Nobel physics winners 'opened door on unknown world'

Scientists David Thouless, Duncan Haldane and Michael Kosterlitz win the 2016 Nobel Prize for Physics for their studies of unusual states of matter.
Prof David Thouless of the University of Washington.
Prof David Thouless of the University of Washington.
Prof Duncan Haldane of Princeton University.
Prof Duncan Haldane of Princeton University.
Prof Michael Kosterlitz of Brown University.
Prof Michael Kosterlitz of Brown University.

STOCKHOLM • A trio of scientists described as "revealing the secrets of exotic matter" have won this year's Nobel Physics Prize.

The Nobel jury yesterday named British scientists David Thouless, Duncan Haldane and Michael Kosterlitz for theoretical discoveries of topological phase transitions and topological phases of matter.

"This year's laureates opened the door on an unknown world where matter can assume strange states. They have used advanced mathematical methods to study unusual phases, or states, of matter, such as superconductors, superfluids or thin magnetic films. Thanks to their pioneering work, the hunt is now on for new and exotic phases of matter," the Royal Swedish Academy of Sciences said.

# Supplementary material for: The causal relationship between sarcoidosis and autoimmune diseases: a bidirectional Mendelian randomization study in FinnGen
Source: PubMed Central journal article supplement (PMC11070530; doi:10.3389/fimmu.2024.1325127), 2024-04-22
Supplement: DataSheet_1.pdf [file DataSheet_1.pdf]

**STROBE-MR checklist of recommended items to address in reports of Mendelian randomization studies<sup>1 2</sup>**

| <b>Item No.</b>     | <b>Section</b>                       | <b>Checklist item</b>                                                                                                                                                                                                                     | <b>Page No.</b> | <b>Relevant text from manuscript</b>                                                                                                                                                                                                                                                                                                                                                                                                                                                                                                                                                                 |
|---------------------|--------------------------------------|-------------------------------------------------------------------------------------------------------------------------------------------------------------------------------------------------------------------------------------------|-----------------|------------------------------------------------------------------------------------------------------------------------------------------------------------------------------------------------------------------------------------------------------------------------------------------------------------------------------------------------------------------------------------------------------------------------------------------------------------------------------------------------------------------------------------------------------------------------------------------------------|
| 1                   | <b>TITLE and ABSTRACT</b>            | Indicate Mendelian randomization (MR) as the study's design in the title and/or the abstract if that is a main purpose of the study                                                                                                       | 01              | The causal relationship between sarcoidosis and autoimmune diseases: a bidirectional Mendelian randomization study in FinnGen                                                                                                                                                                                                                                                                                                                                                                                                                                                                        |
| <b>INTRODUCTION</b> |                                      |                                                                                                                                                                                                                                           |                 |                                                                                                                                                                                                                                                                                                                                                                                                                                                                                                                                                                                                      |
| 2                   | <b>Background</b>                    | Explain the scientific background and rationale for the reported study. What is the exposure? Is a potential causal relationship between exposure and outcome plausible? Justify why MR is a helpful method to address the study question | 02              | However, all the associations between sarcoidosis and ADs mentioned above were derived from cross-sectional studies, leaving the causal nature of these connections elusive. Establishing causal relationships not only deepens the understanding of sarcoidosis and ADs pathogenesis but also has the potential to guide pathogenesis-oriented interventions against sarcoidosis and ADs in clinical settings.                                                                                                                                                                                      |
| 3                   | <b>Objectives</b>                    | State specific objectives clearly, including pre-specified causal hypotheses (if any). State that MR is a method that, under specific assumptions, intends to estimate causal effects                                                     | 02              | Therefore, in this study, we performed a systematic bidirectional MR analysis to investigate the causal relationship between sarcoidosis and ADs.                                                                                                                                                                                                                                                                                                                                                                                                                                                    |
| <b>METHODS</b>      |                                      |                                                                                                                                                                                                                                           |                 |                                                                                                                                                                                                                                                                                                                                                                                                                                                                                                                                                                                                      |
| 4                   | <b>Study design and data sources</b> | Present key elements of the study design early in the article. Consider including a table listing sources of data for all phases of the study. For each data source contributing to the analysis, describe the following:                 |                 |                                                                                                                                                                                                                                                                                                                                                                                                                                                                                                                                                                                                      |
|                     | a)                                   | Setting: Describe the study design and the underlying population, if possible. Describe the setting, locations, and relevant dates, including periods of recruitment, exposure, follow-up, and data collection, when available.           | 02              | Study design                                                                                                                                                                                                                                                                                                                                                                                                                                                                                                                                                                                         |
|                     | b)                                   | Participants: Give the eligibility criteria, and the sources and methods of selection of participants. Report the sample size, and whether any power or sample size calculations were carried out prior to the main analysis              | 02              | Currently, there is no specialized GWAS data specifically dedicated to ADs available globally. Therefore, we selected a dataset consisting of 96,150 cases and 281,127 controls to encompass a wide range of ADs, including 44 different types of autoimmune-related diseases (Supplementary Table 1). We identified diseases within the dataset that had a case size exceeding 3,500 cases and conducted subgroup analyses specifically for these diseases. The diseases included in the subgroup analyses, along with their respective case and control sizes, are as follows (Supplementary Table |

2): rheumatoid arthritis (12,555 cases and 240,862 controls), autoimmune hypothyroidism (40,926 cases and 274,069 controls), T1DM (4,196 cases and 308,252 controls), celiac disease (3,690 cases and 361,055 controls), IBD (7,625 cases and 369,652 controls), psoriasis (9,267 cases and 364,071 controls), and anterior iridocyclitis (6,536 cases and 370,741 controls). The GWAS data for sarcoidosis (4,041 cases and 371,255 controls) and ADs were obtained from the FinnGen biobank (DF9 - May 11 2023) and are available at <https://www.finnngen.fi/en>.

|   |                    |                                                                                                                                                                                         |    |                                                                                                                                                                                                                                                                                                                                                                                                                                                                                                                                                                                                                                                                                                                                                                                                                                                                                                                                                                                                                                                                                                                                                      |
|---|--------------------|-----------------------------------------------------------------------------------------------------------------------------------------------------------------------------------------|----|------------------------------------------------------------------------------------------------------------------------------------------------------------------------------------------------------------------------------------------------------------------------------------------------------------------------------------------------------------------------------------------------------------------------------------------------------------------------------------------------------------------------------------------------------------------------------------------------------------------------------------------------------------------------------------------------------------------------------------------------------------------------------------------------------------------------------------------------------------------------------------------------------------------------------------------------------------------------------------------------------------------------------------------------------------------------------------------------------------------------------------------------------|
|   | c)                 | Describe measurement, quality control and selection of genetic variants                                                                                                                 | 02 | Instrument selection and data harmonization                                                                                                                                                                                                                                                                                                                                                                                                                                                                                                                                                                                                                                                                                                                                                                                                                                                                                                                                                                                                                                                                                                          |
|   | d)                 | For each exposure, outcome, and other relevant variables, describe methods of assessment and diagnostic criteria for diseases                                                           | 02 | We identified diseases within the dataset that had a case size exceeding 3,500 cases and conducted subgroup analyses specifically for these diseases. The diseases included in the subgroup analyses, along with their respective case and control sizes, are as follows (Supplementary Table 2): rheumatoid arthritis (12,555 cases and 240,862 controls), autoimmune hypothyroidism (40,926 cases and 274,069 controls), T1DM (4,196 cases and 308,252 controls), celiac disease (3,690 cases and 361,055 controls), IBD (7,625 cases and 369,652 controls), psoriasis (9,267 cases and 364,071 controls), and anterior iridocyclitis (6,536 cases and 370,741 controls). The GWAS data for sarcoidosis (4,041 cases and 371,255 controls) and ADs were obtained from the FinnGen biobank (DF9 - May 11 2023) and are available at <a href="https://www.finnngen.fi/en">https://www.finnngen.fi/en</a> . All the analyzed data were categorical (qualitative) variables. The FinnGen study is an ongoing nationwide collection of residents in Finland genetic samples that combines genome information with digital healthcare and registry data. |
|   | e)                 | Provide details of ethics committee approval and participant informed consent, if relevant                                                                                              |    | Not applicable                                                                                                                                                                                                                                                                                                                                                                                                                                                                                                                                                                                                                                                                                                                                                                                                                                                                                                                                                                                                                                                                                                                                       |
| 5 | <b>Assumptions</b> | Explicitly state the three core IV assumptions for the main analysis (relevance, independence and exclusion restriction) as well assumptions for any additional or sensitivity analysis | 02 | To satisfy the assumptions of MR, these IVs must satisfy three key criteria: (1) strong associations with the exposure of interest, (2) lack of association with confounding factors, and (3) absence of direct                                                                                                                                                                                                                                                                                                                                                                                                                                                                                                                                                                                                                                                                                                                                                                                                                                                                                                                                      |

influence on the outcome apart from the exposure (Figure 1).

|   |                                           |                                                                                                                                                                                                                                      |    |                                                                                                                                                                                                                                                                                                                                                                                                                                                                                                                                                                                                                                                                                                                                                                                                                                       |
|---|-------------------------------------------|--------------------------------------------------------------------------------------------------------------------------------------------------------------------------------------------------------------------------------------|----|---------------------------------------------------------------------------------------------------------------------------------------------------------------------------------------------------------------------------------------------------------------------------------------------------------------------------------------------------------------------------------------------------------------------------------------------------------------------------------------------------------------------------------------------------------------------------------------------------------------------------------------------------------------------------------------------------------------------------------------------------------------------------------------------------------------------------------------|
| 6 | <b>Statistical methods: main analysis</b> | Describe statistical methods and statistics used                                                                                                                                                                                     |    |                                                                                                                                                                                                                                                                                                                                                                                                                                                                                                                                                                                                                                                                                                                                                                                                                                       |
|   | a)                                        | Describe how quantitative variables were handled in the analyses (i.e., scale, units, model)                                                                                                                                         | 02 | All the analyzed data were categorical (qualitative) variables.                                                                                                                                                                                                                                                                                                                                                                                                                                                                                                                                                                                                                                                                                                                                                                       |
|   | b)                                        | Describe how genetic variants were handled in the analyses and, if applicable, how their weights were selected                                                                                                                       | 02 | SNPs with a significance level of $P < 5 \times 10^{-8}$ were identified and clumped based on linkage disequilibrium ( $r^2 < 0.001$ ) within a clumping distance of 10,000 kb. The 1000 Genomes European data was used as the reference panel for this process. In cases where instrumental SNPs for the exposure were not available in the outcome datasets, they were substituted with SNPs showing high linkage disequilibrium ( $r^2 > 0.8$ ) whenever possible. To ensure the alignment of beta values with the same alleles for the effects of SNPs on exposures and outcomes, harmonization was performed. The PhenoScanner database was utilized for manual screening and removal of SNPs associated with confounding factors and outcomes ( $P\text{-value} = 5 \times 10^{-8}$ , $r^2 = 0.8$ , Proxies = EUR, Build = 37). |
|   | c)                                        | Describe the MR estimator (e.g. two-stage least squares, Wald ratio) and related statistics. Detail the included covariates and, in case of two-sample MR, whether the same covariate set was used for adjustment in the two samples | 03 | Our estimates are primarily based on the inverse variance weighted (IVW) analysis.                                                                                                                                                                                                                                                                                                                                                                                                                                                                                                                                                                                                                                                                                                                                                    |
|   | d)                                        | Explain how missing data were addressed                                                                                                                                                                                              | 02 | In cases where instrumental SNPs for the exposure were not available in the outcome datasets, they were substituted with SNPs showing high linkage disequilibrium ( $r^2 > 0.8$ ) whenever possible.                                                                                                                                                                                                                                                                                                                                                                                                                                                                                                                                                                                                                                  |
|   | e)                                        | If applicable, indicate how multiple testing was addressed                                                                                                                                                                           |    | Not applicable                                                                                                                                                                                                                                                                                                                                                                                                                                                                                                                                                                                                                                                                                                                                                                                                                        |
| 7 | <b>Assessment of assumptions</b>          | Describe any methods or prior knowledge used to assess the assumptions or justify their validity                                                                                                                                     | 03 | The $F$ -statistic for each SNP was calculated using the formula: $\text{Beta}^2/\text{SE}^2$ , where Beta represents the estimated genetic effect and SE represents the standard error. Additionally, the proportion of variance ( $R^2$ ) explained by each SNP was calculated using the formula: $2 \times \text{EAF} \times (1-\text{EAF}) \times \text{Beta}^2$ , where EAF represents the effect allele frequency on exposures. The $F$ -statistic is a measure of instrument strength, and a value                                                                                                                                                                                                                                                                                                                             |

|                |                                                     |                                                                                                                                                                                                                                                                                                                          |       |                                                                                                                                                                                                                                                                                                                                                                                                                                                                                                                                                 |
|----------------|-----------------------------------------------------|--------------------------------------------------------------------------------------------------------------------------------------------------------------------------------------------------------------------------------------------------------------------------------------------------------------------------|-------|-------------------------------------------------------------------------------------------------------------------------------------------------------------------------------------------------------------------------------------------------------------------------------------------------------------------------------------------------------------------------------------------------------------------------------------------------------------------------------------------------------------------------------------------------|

Although British-born, all three now live and work in the United States - Professor Thouless at the University of Washington, Prof Haldane at Princeton University and Prof Kosterlitz at Brown University. The laureates will share the eight million Swedish kronor (S$1.28 million) prize. Prof Thouless won one-half of the prize, while Prof Haldane and Prof Kosterlitz share the other half.

The jury said their pioneering work "has boosted frontline research in condensed matter physics, not least because of the hope that topological materials could be used in new generations of electronics and superconductors, or in future, quantum computers".

Topology, in which the three laureates specialise, is a branch of mathematics that investigates physical properties of matter and space that remain unchanged under deforming forces, including stretching. It holds exceptional promise for quantum computing and tiny quantum devices as topological states can transport energy and information without overheating, unlike traditional quantum mechanics.

"They demonstrated that superconductivity could occur at low temperatures and also explained the mechanism, phase transition, that makes superconductivity disappear at higher temperatures," the jury noted.

In the 1980s, Prof Thouless was able to explain a previous experiment with very thin electrically conducting layers in which conductance was precisely measured as integer steps. "He showed that these integers were topological in their nature, " the jury said.

AGENCE FRANCE-PRESSE, WASHINGTON POST

A version of this article appeared in the print edition of The Straits Times on October 05, 2016, with the headline 'Nobel physics winners 'opened door on unknown world''. Print Edition | Subscribe